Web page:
Over half of over-qualified UK graduates are working in a job 'that does not require a degree', new report finds

Chief executive says young people should think carefully about opting for university when going into an apprenticeship could be a better choice

Aftab Ali
Wednesday 19 August 2015 09:11 BST

Too many over-qualified graduates in the UK are working in jobs that do not require a degree, to the point where it’s reaching saturation point, a new report has found.

Commissioned by the Chartered Institute of Personnel and Development (CIPD), the report states how the increasing number of graduates in the labour market has significantly outstripped the creation of high-skilled jobs –which is leading to negative consequences.

Comparing the situation with other countries, the CIPD says over-qualified graduates are a particular problem for the UK.

With one of the highest levels of self-reported over-qualification among graduates in Europe – behind Estonia and Greece – the UK has 58.8 per cent of graduates in non-graduate jobs. Germany’s figure, on the other hand, is at ten per cent.

Overall, too many young people are being saddled with the unnecessary burden of debt as they enter work, warns the report, as a severe shortage of high-skilled jobs hinders their career ambitions.

Chief executive of the CIPD, Peter Cheese, described how the situation is unsustainable, given the Government estimates 45 per cent of university graduates will not earn enough to repay their student loans.

Highlighting the problem as a national one, he said: “It’s crucial we, as a nation, take stock now of whether our higher education system is delivering desired returns for graduates, for organisations, and society.”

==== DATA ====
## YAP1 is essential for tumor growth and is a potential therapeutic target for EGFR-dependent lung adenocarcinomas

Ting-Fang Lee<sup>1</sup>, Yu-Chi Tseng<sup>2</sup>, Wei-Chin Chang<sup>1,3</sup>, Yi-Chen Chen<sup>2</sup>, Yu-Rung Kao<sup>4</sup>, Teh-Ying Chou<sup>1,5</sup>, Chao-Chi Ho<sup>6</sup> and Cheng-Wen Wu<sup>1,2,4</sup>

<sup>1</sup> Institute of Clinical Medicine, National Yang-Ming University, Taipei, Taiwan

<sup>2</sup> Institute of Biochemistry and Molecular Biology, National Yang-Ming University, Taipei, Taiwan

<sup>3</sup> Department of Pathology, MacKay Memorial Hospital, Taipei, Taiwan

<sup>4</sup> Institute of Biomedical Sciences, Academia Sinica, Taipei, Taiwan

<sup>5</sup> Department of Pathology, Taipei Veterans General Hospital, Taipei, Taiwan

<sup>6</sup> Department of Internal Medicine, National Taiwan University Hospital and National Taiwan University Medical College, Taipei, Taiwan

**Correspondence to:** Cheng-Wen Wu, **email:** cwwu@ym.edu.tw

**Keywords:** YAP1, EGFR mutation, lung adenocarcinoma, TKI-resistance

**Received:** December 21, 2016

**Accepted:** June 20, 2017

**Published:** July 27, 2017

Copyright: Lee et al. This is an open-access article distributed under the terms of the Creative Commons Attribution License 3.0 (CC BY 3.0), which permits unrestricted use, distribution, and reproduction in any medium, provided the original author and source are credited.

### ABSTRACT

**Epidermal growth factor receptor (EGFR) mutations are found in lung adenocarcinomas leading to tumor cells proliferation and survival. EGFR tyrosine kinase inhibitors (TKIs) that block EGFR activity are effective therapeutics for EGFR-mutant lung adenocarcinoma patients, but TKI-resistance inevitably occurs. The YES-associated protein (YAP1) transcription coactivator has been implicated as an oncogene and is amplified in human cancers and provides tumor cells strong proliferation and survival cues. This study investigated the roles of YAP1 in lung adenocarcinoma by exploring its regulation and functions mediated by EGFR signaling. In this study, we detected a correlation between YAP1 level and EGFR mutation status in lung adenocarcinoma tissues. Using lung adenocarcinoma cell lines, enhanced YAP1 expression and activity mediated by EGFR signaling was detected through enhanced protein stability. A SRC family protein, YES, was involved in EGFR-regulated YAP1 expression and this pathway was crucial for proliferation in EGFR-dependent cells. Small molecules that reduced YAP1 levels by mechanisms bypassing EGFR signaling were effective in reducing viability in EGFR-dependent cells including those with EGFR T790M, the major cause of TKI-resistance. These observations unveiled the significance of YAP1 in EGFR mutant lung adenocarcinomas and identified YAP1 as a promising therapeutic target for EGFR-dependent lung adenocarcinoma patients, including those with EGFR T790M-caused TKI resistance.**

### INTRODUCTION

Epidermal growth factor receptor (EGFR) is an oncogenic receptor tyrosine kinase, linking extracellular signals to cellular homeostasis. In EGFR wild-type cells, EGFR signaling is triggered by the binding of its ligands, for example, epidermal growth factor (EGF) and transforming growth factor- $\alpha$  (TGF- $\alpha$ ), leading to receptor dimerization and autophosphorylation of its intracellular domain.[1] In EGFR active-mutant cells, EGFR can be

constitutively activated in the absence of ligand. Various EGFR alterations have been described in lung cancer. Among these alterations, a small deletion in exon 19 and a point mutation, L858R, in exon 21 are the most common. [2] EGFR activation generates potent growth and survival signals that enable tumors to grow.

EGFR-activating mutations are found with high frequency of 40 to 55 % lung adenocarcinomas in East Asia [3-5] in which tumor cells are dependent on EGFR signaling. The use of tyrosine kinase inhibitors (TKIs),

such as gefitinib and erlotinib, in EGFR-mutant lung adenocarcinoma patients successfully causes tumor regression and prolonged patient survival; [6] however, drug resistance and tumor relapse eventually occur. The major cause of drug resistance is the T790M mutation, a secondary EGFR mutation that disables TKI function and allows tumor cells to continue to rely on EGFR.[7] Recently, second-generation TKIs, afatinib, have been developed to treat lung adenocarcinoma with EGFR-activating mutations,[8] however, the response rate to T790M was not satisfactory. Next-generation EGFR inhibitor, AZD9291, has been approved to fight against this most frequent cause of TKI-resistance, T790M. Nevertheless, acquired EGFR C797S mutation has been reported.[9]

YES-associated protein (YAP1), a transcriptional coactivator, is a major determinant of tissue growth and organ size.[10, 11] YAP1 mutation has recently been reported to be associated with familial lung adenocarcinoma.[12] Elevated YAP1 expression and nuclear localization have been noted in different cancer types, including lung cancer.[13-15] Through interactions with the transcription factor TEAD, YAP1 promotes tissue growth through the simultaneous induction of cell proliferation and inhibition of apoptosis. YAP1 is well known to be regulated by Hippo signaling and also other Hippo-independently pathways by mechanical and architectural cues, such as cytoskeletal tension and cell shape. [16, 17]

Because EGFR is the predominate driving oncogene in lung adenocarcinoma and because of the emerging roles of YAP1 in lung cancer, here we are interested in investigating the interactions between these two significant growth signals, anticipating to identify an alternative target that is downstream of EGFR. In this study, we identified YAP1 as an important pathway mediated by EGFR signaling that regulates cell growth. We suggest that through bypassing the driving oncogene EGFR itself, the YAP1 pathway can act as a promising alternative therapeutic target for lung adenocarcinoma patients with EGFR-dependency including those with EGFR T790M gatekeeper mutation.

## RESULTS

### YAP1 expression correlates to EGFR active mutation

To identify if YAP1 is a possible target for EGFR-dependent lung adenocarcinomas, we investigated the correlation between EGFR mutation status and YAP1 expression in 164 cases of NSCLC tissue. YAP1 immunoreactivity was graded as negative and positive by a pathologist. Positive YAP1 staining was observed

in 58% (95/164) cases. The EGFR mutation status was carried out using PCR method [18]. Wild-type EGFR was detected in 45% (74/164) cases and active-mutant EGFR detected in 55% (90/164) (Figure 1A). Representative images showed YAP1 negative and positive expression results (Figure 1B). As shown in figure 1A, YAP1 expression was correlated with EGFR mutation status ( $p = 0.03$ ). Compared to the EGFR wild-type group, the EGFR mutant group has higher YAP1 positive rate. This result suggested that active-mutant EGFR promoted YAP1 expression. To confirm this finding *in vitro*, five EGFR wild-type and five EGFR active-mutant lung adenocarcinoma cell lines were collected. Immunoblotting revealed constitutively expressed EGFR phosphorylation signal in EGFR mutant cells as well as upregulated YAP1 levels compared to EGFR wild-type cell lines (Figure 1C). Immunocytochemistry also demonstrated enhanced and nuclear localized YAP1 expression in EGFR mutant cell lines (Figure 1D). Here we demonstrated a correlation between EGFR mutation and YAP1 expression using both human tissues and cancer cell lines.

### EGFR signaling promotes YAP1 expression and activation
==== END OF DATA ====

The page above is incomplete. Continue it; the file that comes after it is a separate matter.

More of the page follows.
Mr Cheese also emphasised the importance of encouraging national debate on how to go about creating more high-skilled jobs.

Appealing to those students contemplating going to university after receiving their exam results this month, Mr Cheese said efforts need to be redoubled to ensure young people can access quality careers information, advice, and guidance in order to help them make better-informed decisions.

He added: “Our report highlights why young people should think carefully about opting for university when, for example, going into an apprenticeship at 16 or 18 could be a much better choice.”

The CIPD is now calling on the Conservatives to conduct a large-scale review into how the UK can ensure crucial public investment achieves the best value for all learners, and also recommends the Government ensures its productivity plan includes a specific focus on creating more high-skilled jobs.

Employers need to review their recruitment practices to ensure they are not using a degree as a screening process when recruiting for jobs, and they must also education work with schools and colleges to build more routes into work for young people.

Finally, the CIPD is appealing to parents to talk, in-depth, with their children about alternative options to university to ensure they are making the right decision for their future.

A spokeswoman for the Department for Business, Innovation and Skills said: “We are providing the right mix of university places and apprenticeships to ensure more people have the opportunity to advance their careers and businesses get the skills they need to grow.

“Demands for higher education remains strong and graduates enjoy a pay premium that reflects their value to employers.”

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